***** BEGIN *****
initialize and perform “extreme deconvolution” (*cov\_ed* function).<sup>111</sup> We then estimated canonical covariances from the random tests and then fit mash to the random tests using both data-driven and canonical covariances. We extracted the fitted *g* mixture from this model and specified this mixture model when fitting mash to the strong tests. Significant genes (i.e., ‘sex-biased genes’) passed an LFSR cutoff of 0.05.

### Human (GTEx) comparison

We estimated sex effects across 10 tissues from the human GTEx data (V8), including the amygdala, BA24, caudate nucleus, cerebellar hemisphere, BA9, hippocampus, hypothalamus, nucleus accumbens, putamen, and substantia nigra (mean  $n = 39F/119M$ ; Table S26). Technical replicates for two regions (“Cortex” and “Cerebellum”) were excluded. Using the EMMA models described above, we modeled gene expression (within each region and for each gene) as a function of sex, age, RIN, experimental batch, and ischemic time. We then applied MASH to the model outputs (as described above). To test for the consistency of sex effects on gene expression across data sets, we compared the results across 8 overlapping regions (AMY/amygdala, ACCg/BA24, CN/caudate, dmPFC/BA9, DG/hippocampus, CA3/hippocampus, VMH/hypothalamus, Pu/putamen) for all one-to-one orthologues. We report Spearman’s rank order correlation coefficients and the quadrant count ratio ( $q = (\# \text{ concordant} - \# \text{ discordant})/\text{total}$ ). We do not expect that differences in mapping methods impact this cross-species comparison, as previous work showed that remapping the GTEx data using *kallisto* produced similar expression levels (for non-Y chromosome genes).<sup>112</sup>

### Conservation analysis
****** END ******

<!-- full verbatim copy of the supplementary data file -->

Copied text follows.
initialize and perform “extreme deconvolution” (*cov\_ed* function).<sup>111</sup> We then estimated canonical covariances from the random tests and then fit mash to the random tests using both data-driven and canonical covariances. We extracted the fitted *g* mixture from this model and specified this mixture model when fitting mash to the strong tests. Significant genes (i.e., ‘sex-biased genes’) passed an LFSR cutoff of 0.05.

### Human (GTEx) comparison

We estimated sex effects across 10 tissues from the human GTEx data (V8), including the amygdala, BA24, caudate nucleus, cerebellar hemisphere, BA9, hippocampus, hypothalamus, nucleus accumbens, putamen, and substantia nigra (mean  $n = 39F/119M$ ; Table S26). Technical replicates for two regions (“Cortex” and “Cerebellum”) were excluded. Using the EMMA models described above, we modeled gene expression (within each region and for each gene) as a function of sex, age, RIN, experimental batch, and ischemic time. We then applied MASH to the model outputs (as described above). To test for the consistency of sex effects on gene expression across data sets, we compared the results across 8 overlapping regions (AMY/amygdala, ACCg/BA24, CN/caudate, dmPFC/BA9, DG/hippocampus, CA3/hippocampus, VMH/hypothalamus, Pu/putamen) for all one-to-one orthologues. We report Spearman’s rank order correlation coefficients and the quadrant count ratio ( $q = (\# \text{ concordant} - \# \text{ discordant})/\text{total}$ ). We do not expect that differences in mapping methods impact this cross-species comparison, as previous work showed that remapping the GTEx data using *kallisto* produced similar expression levels (for non-Y chromosome genes).<sup>112</sup>

### Conservation analysis